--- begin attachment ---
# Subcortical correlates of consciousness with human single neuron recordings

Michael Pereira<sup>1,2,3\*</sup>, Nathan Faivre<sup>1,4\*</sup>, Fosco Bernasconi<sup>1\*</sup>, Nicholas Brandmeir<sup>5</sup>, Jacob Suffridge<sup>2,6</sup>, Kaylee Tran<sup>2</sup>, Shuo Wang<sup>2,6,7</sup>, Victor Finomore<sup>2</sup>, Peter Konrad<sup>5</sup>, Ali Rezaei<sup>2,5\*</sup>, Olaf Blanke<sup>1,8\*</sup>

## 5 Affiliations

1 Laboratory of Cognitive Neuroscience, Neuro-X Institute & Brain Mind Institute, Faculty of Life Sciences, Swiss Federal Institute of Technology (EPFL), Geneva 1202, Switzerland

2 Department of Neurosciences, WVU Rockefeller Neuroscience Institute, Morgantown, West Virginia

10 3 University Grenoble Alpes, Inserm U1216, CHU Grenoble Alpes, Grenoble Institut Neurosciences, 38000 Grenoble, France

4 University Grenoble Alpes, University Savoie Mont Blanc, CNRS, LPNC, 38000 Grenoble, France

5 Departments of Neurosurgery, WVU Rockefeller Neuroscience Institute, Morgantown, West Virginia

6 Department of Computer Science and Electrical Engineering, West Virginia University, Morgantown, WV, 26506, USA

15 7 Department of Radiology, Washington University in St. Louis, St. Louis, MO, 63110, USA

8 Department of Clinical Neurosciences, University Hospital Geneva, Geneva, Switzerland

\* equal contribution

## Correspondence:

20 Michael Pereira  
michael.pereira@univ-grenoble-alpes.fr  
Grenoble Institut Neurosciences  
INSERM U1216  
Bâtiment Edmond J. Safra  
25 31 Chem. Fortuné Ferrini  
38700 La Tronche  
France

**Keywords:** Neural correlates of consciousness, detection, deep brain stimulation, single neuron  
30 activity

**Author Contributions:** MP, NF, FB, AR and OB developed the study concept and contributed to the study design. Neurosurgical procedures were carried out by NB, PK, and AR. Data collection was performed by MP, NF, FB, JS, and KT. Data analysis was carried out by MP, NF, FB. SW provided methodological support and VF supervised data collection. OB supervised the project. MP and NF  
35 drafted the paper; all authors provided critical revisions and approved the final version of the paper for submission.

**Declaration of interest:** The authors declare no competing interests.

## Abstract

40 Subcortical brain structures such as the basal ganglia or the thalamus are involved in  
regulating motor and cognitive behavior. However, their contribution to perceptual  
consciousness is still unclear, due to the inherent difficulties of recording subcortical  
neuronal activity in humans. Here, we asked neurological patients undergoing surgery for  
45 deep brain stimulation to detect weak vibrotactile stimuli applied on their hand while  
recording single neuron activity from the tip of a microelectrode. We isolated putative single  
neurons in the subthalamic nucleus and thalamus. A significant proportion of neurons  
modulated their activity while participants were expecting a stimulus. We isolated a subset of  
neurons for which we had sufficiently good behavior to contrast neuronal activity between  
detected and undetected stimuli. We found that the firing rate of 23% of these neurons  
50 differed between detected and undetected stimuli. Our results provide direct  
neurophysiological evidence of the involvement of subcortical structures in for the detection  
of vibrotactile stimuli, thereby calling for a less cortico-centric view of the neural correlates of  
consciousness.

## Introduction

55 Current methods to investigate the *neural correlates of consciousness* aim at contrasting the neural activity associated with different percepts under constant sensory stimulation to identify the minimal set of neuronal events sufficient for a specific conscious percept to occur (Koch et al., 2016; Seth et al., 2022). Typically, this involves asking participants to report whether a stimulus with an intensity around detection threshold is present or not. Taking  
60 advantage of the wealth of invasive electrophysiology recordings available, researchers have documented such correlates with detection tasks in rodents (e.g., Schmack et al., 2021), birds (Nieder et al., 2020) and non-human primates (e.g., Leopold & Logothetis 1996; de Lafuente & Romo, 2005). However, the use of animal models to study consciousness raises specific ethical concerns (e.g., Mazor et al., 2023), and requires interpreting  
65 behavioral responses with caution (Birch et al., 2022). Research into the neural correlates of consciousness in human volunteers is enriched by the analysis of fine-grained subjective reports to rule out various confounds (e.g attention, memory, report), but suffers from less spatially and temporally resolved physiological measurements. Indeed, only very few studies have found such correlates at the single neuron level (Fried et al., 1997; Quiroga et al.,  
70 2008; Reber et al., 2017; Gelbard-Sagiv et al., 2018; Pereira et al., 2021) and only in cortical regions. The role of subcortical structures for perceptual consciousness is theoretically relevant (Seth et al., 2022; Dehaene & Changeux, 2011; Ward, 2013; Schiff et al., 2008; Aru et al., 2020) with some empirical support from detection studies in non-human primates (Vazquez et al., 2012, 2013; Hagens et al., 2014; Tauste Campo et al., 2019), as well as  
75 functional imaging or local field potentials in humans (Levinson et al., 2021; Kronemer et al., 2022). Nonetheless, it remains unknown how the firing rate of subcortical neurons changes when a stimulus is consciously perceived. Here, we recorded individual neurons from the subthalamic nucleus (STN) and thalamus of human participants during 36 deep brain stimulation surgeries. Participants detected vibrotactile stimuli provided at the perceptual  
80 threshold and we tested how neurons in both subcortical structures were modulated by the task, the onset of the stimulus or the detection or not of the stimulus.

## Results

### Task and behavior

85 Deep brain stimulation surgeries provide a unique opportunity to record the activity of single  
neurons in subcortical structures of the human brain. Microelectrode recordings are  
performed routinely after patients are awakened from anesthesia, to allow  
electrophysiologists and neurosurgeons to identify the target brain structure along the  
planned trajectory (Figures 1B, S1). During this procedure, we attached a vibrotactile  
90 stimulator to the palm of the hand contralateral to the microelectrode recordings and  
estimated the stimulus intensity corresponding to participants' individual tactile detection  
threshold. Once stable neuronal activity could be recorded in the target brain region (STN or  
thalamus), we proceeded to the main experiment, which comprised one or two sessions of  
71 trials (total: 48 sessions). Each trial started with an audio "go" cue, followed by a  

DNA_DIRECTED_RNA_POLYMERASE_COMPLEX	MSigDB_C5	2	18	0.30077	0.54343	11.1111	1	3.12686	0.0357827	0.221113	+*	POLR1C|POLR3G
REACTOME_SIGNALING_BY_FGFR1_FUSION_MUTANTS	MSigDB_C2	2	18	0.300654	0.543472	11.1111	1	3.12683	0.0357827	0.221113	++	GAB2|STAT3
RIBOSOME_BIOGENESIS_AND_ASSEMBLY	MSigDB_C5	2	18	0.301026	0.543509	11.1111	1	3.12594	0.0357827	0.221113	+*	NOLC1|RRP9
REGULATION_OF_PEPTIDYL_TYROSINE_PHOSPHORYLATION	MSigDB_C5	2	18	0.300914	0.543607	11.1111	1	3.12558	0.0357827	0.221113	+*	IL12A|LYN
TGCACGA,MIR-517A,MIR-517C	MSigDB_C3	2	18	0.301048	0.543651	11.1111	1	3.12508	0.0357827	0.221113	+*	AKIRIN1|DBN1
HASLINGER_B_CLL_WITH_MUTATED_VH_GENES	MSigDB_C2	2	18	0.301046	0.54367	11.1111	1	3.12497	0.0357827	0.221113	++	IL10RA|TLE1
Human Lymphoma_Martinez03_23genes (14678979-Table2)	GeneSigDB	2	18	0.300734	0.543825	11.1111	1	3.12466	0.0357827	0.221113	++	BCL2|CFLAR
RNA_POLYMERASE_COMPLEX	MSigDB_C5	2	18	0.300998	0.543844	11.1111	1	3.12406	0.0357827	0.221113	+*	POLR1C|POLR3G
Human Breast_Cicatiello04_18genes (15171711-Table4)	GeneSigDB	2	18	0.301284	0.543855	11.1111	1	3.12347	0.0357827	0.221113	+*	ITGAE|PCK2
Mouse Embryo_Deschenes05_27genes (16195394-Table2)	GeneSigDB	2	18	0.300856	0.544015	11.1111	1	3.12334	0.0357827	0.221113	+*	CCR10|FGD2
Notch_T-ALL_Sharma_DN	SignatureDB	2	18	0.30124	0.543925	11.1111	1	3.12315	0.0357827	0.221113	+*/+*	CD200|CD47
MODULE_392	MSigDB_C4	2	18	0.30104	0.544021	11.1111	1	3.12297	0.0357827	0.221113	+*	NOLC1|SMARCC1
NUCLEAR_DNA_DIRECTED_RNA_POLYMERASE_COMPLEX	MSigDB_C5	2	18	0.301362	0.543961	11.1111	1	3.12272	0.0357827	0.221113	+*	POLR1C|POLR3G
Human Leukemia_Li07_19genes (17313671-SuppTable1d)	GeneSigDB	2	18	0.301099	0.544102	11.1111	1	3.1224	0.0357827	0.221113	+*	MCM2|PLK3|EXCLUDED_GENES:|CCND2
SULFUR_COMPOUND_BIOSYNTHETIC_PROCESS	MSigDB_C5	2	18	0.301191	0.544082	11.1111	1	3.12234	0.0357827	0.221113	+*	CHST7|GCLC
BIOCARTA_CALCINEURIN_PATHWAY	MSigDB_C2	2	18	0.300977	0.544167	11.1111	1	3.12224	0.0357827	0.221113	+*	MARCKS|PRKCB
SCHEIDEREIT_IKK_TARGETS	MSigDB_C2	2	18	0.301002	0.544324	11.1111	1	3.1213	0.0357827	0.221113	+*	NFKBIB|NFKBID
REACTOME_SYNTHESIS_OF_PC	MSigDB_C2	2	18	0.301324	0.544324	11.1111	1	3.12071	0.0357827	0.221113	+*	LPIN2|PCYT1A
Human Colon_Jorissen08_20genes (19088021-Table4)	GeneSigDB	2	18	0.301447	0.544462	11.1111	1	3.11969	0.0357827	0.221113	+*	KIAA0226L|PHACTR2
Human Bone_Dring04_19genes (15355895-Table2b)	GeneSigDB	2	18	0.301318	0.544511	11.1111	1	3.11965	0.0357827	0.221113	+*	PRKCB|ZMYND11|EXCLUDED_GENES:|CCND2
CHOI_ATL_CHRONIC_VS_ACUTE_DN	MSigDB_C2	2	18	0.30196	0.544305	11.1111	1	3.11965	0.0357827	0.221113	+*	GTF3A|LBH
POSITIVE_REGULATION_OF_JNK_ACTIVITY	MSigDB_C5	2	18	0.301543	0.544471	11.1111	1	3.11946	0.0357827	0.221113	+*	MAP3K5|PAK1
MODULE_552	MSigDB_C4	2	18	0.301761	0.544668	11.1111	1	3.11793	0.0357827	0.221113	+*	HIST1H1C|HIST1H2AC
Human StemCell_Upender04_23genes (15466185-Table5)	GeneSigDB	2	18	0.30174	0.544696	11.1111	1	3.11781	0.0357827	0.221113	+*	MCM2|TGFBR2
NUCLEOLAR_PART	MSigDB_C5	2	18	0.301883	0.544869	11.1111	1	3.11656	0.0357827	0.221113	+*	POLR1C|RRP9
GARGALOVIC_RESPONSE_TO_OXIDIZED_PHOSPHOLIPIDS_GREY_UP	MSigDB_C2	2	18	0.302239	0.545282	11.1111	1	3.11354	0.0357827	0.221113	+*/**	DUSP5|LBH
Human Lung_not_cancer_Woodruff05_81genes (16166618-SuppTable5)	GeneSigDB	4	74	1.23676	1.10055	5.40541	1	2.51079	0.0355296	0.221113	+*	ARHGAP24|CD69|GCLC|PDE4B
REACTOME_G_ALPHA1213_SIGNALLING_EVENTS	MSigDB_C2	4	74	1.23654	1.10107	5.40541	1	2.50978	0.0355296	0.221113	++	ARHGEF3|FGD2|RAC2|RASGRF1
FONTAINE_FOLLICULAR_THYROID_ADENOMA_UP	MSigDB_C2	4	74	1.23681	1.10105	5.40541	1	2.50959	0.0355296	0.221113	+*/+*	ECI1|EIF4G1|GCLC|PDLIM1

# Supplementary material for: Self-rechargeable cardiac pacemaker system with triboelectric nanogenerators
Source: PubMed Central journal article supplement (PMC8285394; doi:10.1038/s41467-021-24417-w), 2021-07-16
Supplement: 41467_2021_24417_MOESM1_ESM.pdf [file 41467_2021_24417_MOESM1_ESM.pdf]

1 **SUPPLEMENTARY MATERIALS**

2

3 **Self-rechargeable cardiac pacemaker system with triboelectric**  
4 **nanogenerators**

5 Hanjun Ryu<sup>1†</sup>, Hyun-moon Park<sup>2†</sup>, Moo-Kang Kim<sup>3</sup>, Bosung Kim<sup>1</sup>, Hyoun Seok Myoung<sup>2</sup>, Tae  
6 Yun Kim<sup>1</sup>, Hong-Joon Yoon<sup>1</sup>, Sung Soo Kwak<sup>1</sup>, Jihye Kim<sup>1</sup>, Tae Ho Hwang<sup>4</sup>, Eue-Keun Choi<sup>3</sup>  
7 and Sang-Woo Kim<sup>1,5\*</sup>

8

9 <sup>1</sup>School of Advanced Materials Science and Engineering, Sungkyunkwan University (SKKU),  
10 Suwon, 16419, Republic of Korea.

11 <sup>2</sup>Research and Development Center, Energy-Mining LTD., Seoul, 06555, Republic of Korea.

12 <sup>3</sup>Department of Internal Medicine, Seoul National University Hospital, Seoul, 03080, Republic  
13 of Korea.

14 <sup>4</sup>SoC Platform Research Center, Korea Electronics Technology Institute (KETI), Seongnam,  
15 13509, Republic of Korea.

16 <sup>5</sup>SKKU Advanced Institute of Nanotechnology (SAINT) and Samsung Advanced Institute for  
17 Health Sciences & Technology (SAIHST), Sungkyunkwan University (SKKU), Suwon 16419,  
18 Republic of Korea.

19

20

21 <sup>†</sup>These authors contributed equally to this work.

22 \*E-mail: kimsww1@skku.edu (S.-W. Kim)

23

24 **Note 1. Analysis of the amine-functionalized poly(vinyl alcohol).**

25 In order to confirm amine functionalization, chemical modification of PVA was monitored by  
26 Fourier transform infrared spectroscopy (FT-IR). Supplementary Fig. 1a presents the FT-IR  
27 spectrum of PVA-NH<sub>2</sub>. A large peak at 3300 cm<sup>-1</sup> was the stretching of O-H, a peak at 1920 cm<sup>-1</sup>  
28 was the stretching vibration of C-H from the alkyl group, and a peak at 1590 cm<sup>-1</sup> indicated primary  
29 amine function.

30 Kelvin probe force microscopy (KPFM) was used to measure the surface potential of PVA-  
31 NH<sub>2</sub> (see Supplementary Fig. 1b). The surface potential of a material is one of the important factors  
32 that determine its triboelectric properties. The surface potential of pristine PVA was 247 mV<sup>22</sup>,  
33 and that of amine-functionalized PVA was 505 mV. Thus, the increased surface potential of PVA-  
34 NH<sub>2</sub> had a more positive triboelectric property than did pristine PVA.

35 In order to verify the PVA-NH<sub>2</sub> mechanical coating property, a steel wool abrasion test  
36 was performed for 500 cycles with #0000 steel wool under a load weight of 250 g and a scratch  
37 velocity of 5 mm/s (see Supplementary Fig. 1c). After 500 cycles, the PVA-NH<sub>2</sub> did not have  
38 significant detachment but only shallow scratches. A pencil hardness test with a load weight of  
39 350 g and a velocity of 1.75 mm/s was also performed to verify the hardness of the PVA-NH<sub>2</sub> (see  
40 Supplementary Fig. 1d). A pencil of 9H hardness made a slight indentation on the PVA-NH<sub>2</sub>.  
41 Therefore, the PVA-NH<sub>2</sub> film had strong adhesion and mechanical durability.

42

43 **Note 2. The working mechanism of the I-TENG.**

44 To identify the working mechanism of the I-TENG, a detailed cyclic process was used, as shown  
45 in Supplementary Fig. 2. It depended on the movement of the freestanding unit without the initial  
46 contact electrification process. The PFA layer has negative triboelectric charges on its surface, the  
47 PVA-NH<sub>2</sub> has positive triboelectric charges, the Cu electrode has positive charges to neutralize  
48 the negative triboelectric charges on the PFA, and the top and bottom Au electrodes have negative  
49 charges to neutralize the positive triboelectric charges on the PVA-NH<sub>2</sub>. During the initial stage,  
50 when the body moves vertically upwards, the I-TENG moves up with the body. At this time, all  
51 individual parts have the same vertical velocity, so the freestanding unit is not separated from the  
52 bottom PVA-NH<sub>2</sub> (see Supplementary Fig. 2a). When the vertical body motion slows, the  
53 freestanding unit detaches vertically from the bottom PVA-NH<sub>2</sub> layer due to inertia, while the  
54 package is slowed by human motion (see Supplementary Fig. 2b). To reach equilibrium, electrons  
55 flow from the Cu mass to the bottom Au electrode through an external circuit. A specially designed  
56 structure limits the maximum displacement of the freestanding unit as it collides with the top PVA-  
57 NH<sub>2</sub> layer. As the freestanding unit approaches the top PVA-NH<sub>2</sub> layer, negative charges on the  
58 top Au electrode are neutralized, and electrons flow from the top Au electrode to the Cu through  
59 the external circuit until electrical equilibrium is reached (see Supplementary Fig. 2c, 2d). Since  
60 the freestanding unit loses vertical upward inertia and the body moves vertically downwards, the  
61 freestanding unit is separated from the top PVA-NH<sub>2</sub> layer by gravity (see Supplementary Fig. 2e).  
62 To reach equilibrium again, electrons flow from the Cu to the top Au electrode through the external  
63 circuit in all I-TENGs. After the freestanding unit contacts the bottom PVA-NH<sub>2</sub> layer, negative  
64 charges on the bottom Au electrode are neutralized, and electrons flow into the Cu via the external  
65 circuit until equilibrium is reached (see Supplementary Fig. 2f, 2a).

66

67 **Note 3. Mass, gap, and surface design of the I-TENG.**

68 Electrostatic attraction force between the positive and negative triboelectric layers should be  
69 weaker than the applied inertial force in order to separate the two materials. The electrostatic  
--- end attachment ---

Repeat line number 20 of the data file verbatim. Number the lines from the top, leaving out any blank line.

38700 La Tronche  